FLATOW: Hmm. How confident are you in this new formatter side B going to work? Pretty sure?
Mr. WEILER: I'm very confident because the instrument that was built. The copy of instrument on a ground, you know as I said, is the exact duplicate. And it will go through full and total functional testing on a ground before it goes up there. And it's a copy of an instrument that worked 18 years successfully in orbit.
FLATOW: Yeah, that's interesting. Did you ever imagine that the Hubble would be still be working today?
Mr. WEILER: No. I thought the Hubble would retire far quicker than I will and I'm wondering now if I'll make it as long as the Hubble's going to last. We were hoping for a 10 to 15 year mission and we're eighteen years going strong looking at another 5 to 10 probably.
FLATOW: Why do you think that is? Because of good quality control, what makes you think? It's just a really good design? I mean, there are certain things even like the Mars Rovers they're going way past their expected the life time.
Mr. WEILER: Well, it's not uncommon in space. If you launched something and it survived the first month or two, and we call that instant mortality, if something's going to be break in space it usually breaks the first time you turn it on or the first time it's exposed to vacuum. If it makes it through first couple of months things tend to last a long time up there because the environment's pretty stable and pretty benign. I mean, it doesn't rain much in space, you know.
FLATOW: And the computer up for the Hubble was built in the 1980s so it's ancient.
Mr. WEILER: Oh, yeah. Right now we upgraded the computer. We're now using a 486.
Mr. WEILER: But I'll tell you something, I'm an old fashioned guy, too. Sometimes I wish I have my MAC Plus so. The old computer, the old technology wasn't so bad and Hubble is good proof of it.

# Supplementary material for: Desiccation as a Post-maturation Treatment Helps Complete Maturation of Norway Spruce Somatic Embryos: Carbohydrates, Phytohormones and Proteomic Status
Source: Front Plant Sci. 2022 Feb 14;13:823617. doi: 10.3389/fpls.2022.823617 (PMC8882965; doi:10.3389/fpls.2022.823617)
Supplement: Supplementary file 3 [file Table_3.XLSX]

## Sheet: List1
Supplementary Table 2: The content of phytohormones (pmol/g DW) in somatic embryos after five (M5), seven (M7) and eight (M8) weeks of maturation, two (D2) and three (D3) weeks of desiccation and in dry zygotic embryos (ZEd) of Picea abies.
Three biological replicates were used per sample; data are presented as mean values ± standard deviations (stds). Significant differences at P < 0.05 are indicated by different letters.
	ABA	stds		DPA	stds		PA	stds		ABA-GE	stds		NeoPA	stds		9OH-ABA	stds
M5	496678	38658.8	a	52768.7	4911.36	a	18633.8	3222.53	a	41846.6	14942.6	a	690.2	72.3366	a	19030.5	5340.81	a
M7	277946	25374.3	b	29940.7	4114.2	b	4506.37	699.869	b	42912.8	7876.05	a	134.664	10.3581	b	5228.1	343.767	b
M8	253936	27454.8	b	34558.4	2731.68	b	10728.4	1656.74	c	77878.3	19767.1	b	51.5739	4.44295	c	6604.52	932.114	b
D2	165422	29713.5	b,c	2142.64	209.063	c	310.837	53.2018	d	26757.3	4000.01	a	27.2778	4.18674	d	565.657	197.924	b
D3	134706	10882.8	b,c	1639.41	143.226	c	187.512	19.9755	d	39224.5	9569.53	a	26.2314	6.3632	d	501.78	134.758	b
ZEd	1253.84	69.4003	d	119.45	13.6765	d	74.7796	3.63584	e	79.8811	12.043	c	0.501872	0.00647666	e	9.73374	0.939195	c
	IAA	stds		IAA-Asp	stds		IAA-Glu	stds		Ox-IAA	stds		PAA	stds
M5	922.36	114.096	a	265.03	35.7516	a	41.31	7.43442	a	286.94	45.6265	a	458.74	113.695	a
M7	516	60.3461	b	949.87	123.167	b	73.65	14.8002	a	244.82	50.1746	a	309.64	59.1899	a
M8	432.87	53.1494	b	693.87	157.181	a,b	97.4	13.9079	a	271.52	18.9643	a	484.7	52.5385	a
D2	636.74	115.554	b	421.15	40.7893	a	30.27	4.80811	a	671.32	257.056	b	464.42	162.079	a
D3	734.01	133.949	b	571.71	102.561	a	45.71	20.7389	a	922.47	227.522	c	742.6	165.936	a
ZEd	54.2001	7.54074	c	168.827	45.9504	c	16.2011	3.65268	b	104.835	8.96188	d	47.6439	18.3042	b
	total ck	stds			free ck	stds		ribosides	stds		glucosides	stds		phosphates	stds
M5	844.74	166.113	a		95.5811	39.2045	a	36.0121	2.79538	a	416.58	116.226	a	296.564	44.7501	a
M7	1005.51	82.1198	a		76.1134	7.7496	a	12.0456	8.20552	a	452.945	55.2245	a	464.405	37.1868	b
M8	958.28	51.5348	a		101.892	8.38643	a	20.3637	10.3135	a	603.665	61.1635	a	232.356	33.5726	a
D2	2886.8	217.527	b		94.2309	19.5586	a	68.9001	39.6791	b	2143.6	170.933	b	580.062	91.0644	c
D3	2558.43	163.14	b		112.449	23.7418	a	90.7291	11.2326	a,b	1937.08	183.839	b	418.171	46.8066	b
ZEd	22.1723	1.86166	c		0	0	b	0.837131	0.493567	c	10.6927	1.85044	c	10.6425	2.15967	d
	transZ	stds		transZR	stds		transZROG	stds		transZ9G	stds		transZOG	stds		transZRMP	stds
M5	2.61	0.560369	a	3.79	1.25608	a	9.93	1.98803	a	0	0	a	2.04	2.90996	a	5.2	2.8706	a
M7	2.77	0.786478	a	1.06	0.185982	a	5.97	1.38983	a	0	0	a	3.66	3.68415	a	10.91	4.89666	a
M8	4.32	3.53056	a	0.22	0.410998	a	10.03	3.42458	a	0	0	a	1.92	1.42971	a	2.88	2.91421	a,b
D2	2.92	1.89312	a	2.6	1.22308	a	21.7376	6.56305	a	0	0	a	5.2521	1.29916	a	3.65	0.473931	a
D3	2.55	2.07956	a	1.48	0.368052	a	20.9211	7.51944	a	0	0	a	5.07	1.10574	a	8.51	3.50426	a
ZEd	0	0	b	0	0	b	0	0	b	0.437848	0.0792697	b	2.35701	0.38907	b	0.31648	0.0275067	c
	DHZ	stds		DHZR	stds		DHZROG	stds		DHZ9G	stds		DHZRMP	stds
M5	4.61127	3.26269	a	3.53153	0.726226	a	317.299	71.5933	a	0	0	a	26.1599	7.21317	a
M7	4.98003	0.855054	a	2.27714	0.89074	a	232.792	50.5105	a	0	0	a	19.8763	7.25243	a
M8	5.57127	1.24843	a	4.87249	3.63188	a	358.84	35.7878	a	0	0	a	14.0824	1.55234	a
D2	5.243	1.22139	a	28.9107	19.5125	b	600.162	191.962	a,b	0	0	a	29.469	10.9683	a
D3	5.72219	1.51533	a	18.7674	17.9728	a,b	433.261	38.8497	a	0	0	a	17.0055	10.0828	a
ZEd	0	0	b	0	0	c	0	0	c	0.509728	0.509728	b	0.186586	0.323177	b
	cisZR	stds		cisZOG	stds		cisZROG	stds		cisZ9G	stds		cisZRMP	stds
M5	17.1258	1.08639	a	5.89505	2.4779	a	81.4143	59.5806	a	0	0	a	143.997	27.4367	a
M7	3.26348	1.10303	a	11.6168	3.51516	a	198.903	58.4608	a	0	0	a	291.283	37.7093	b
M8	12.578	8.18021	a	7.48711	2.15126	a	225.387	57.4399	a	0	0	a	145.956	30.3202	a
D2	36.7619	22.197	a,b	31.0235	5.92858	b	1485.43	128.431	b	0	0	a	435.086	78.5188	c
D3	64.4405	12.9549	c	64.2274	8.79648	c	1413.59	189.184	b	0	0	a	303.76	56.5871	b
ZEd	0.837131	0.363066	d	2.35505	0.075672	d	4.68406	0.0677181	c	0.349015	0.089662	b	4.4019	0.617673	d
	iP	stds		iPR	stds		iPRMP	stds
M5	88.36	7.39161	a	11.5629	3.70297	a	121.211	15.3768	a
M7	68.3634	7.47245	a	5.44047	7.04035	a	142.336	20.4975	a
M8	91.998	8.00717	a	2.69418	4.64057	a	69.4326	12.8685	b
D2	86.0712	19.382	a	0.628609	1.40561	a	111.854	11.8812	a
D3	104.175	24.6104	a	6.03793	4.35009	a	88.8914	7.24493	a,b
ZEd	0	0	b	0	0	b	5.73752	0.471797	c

FLATOW: I've got a Plus and a IICi in my basement.
Mr. WEILER: There you go.
FLATOW: If you're still interested in one, I could send it right off to you. But those old things, they really were built quite solidly and so...
Mr. WEILER: Yeah I think, you got a lot more capability in new computers but I'm not sure they're more reliable.
FLATOW: All right, Ed. Thank you very much for taking time to be with us today. And you're shooting for mid-February?
Mr. WEILER: Mid-February and we should start producing science probably 2 months or so after that.
FLATOW: All right, good luck. Ed Weiler is Associate Administrator of the Science Mission Directorate and NASA Headquarters in Washington. We're going to take a short break. Our number is 1-800-989-8255, change gears and bring a whole different topic into focus. We're going to talk about the invention, and especially about "Flash of Genius." It's a movie that I got to see yesterday. It's a terrific film. I highly recommend it. We're going have Greg Kinnear here, Mark Abraham who is the producer and John Seabrook who's the staff writer of the New Yorker also wrote a book called "Flash of Genius and Other True Stories of Invention." 1-800-989-8255, stay with us we'll be right back.
(Soundbite of Talk of the Nation theme)
FLATOW: I'm Ira Flatow. This is Talk of the Nation Science Friday from NPR News.